Baltimore's startup revolution

Steve Case stops in Baltimore Monday to give away $100,000 to one start up.

It's officially election season, which is why I'll be firing up a big, campaign bus and traveling through Charm City on Monday, stopping for crab cakes, talking to business leaders and meeting with politicians and students. Only our campaign is not about asking for votes in Baltimore; instead, it's about encouraging the people of Baltimore to continue rallying around startups and entrepreneurs.

For all the tragic news in recent months — and there is real heartbreak along with festering issues that have to be addressed — there's another chapter being written in the city's dynamic history. It centers around founders who are starting companies, creating jobs and bringing economic opportunity and growth to Baltimore.

In the middle of the 20th century Baltimore was the country's sixth-largest city with 950,000 residents and a booming economy based primarily around manufacturing and shipping. By 1959 Bethlehem Steel at Sparrow's point employed 35,000 people. Just as many other cities lost their manufacturing base in the decades to follow, so too did Baltimore, which saw poverty climb as jobs, residents and innovation moved elsewhere.

But things look to be changing again thanks, in large part, to a diverse group of entrepreneurs.

Baltimore is becoming more than just a port-city but an emerging, Mid-Atlantic startup hub with innovative minds especially in health, defense, research, education and technology. The city's tech talent grew by 42 percent between 2010 and 2013, making it one of the fastest growing markets nationally. Roughly 90 percent of the region's entrepreneurs are in jobs when they start new businesses, which shows that founders have the confidence and resources to take the plunge.

After covering 3,000 miles and investing $1.5 million in startups along the way, we're excited for our Rise of the Rest tour to visit Baltimore on Monday to meet with entrepreneurs and local leaders. We look forward to hosting a pitch competition for eight startups at the Baltimore Museum of Industry at 4 p.m. One entrepreneur will walk away with a $100,000 check. (The event is free and open to the public; RSVP at www.riseofrest.com.)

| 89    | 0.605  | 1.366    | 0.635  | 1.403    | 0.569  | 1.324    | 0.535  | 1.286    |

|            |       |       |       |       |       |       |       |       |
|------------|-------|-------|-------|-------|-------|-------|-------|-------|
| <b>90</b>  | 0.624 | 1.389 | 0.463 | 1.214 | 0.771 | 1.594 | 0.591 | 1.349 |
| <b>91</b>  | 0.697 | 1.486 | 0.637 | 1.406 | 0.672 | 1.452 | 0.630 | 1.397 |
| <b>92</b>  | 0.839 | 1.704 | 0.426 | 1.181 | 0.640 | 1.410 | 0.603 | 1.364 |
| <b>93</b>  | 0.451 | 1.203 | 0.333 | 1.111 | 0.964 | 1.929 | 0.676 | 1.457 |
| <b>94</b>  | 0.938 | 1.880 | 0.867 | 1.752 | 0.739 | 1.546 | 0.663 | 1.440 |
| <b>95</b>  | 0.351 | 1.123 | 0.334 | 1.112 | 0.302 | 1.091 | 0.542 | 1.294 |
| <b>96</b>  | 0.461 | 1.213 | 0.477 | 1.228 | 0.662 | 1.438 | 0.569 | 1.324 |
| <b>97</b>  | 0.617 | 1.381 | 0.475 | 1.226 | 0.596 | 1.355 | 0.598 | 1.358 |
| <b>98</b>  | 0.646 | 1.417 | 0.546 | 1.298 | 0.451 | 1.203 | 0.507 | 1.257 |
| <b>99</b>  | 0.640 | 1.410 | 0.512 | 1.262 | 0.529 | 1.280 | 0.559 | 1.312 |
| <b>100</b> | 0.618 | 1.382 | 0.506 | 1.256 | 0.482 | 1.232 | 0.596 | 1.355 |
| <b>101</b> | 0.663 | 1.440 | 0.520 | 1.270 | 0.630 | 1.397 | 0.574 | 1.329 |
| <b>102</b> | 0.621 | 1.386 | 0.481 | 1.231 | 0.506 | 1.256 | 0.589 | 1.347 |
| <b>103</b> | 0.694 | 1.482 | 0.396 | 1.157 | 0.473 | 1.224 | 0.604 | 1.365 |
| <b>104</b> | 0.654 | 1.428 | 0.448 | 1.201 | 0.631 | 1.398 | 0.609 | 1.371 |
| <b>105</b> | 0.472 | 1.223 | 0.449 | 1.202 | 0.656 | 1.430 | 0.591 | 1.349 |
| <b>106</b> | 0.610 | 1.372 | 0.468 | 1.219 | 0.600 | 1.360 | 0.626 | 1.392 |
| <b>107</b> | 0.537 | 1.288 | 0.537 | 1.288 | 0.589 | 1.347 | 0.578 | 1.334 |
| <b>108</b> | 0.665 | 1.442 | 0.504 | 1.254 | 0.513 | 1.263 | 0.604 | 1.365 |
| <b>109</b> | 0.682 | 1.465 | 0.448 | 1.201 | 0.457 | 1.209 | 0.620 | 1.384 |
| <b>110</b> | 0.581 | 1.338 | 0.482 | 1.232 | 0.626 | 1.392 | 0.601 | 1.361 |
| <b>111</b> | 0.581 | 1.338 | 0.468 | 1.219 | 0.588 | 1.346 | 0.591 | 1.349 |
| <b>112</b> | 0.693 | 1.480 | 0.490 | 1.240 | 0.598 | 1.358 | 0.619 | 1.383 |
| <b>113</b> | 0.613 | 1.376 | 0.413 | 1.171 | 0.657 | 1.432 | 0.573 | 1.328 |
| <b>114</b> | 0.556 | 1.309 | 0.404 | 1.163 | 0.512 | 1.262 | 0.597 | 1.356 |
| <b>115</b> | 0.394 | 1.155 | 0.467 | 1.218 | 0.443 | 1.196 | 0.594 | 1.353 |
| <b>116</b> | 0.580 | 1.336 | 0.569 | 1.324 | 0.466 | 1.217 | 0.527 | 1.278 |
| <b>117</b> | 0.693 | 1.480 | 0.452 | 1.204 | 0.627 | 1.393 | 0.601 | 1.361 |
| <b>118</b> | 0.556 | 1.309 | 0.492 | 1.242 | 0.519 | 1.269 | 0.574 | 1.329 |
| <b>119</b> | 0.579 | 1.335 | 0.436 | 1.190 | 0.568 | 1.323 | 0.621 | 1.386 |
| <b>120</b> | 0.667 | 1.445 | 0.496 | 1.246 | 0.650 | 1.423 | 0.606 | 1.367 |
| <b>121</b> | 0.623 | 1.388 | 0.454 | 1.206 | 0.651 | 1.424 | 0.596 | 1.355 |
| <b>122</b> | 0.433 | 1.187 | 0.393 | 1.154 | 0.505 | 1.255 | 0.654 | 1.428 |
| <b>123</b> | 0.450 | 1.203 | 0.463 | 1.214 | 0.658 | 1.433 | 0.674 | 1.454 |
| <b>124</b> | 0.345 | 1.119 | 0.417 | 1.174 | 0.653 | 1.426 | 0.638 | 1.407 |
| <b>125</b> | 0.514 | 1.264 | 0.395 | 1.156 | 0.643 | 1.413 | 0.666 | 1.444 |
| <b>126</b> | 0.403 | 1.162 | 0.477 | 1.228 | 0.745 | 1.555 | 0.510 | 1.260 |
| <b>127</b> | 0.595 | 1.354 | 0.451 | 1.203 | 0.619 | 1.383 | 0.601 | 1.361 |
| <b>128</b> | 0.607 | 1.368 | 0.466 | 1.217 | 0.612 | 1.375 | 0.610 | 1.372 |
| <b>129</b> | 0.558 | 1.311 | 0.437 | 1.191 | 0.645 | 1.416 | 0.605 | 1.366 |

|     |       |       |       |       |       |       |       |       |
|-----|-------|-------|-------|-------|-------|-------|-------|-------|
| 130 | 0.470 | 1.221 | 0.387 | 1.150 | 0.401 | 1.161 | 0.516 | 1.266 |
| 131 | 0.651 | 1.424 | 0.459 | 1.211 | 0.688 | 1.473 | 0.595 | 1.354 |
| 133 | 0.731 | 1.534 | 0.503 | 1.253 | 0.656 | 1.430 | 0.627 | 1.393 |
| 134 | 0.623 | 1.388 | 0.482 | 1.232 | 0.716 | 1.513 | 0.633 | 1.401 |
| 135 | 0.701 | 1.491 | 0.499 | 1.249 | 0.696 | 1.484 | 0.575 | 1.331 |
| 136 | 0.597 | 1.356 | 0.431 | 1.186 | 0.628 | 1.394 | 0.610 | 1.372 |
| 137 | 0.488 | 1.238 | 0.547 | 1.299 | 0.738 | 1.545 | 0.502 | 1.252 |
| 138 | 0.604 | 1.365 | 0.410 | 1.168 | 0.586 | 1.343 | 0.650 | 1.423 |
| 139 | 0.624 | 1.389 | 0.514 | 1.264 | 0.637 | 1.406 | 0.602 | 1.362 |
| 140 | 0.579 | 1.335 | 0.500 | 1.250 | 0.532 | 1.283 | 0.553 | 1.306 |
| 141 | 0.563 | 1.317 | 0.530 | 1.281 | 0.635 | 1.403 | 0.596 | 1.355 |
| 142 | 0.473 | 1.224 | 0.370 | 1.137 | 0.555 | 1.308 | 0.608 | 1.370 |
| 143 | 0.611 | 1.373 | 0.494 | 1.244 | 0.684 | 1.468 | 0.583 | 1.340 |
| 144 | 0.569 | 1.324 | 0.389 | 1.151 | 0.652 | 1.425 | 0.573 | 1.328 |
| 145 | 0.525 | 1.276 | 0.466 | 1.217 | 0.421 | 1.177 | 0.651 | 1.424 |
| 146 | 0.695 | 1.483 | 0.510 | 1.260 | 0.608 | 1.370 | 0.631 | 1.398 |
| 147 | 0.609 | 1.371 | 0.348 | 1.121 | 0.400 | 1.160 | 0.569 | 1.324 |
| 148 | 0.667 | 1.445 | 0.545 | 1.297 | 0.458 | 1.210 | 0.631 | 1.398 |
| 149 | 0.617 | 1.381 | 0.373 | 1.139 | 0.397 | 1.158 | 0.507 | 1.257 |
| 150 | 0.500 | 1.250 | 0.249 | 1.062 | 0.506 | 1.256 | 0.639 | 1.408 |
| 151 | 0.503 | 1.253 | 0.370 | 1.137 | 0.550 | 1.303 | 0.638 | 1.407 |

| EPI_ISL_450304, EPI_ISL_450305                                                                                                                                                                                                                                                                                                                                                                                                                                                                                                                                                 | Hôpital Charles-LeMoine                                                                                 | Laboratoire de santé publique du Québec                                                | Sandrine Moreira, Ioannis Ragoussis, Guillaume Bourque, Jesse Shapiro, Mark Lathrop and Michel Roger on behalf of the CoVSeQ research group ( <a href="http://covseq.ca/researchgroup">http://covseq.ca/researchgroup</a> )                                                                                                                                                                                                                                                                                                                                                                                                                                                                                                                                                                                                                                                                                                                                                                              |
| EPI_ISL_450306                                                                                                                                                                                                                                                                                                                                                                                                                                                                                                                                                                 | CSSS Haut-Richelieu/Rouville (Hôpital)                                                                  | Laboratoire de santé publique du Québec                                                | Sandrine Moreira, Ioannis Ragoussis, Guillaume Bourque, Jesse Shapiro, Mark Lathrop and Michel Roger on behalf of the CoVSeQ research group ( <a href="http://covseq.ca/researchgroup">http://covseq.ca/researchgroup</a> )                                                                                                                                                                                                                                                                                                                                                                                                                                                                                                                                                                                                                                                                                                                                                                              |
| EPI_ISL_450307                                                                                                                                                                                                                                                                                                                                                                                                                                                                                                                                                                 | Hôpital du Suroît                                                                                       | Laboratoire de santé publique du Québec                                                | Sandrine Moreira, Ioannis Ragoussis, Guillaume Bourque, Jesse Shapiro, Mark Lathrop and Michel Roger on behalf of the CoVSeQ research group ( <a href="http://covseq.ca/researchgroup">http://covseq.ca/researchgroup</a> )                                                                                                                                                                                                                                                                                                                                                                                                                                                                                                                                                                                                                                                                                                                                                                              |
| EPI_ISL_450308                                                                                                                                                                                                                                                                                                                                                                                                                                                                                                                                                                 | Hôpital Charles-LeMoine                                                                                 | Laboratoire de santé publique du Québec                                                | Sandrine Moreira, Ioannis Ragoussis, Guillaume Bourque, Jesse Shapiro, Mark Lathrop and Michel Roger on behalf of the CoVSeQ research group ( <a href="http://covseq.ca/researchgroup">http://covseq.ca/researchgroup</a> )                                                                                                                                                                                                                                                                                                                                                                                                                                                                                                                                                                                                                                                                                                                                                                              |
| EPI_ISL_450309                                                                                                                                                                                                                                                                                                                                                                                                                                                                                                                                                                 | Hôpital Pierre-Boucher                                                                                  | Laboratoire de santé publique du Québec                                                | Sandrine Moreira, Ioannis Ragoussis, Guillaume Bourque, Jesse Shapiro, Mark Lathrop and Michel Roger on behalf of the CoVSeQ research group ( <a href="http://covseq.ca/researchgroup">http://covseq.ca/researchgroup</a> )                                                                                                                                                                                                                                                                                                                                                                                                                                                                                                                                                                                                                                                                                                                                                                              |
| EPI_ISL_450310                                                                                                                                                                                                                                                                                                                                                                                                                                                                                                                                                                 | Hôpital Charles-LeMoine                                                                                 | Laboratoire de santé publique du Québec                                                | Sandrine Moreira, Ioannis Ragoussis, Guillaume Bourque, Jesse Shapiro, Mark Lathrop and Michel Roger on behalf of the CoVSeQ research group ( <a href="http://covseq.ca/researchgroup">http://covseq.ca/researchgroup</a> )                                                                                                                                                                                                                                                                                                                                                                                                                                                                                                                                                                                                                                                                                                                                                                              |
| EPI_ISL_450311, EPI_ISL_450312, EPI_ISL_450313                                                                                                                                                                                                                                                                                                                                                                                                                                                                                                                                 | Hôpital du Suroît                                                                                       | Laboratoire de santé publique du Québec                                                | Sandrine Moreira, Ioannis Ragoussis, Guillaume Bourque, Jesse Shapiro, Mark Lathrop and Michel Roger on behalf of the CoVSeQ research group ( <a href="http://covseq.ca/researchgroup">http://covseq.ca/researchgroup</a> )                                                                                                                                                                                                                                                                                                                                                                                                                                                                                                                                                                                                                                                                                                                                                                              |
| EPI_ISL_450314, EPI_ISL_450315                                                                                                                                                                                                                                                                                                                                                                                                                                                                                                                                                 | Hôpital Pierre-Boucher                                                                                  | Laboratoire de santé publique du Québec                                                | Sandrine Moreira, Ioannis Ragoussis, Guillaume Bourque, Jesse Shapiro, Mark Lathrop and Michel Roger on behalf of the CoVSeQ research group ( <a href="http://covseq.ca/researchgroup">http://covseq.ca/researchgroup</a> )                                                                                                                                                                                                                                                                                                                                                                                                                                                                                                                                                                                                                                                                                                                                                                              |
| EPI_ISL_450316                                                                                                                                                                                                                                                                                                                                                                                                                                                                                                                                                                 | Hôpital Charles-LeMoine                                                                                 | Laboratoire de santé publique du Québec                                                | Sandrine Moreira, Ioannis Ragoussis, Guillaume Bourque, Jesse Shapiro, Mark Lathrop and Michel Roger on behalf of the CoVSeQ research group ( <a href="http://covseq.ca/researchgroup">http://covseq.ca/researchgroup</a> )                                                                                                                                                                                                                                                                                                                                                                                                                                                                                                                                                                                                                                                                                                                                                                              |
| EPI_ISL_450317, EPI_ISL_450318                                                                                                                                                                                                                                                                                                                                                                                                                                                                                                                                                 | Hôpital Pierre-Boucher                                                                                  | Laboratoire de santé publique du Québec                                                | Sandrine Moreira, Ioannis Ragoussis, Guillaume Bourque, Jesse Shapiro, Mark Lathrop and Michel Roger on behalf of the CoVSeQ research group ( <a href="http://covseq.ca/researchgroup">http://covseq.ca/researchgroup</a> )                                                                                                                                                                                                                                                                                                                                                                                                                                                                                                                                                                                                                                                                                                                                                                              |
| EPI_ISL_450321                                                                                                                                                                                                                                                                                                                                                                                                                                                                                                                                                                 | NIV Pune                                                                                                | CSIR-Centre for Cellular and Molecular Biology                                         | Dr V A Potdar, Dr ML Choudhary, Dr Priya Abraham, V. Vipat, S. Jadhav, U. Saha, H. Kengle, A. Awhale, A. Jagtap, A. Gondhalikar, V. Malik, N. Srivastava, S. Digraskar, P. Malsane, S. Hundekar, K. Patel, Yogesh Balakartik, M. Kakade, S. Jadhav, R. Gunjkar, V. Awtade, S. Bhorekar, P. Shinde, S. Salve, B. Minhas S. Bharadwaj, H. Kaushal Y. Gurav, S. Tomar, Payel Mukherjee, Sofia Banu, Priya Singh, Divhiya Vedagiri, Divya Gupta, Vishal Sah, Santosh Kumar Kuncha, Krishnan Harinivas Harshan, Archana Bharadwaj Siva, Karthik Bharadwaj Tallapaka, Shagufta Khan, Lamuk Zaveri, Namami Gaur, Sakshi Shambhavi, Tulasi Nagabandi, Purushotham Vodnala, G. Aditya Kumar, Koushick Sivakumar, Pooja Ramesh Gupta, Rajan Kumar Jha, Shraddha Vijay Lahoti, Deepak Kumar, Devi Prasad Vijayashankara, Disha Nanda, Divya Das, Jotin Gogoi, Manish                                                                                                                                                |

In Baltimore — and across the country — a critical shift is beginning to take hold. Technological advances in mobile, cloud computing, big data and advanced manufacturing have lowered barriers to entry for new businesses. Public policy reforms are beginning to make it easier for startups and small businesses to raise capital online. Technology has moved from a vertical sector to a horizontal one: Commerce, food, transportation, retail, marketing and just about all other industries can tap the power of technology to scale their business. And there's an increased public awareness around the importance of entrepreneurship.

This is the start of a structural change for the U.S. economy; startups account for roughly all net new job creation and add a disproportionately high share of innovation. More geographic diversity of startup activity has the potential to unleash economic growth in previously overlooked cities.

In Baltimore there is real potential. With great universities like Johns Hopkins, among others, there's no shortage of talent. With large corporations like McCormick and Under Armour there's no shortage of access to established firms. With angel investors willing to deploy capital, and foundations like Abell that support city-based startups, there's a growing base of funding for entrepreneurs. And with the cost of renting an apartment roughly half that of San Francisco, plus easy access to New York and Washington, D.C., there's a quality of life advantage.

To be sure, the city is still in the process of rebuilding, reuniting and ensuring that all residents — in all neighborhoods — have opportunities to find work and opportunity. That process will take time.

But as more successful companies start and scale — like R2Integrated and OrderUp (my firm Revolution invested in OrderUp last year, and the company was recently acquired by Groupon) — the city will move forward. Accelerators and incubators like Impact Hub, Betamore and Fast Forward at Johns Hopkins will continue playing a pivotal role providing support for talented innovators. Organizations like Startup Maryland and public officials like Mayor Stephanie Rawlings Blake and Sen. Ben Cardin, who tout the importance of fostering new business creation, will make a meaningful difference for startups.

During the War of 1812 the British famously called Baltimore a "nest of pirates." Charm City can, and will, rise again by rallying around its newest generation of pirates: the men and women taking a risk to start a company.

Steve Case is a co-founder of AOL and chief executive of Revolution. His email is scase@revolution.com; Twitter: @SteveCase.

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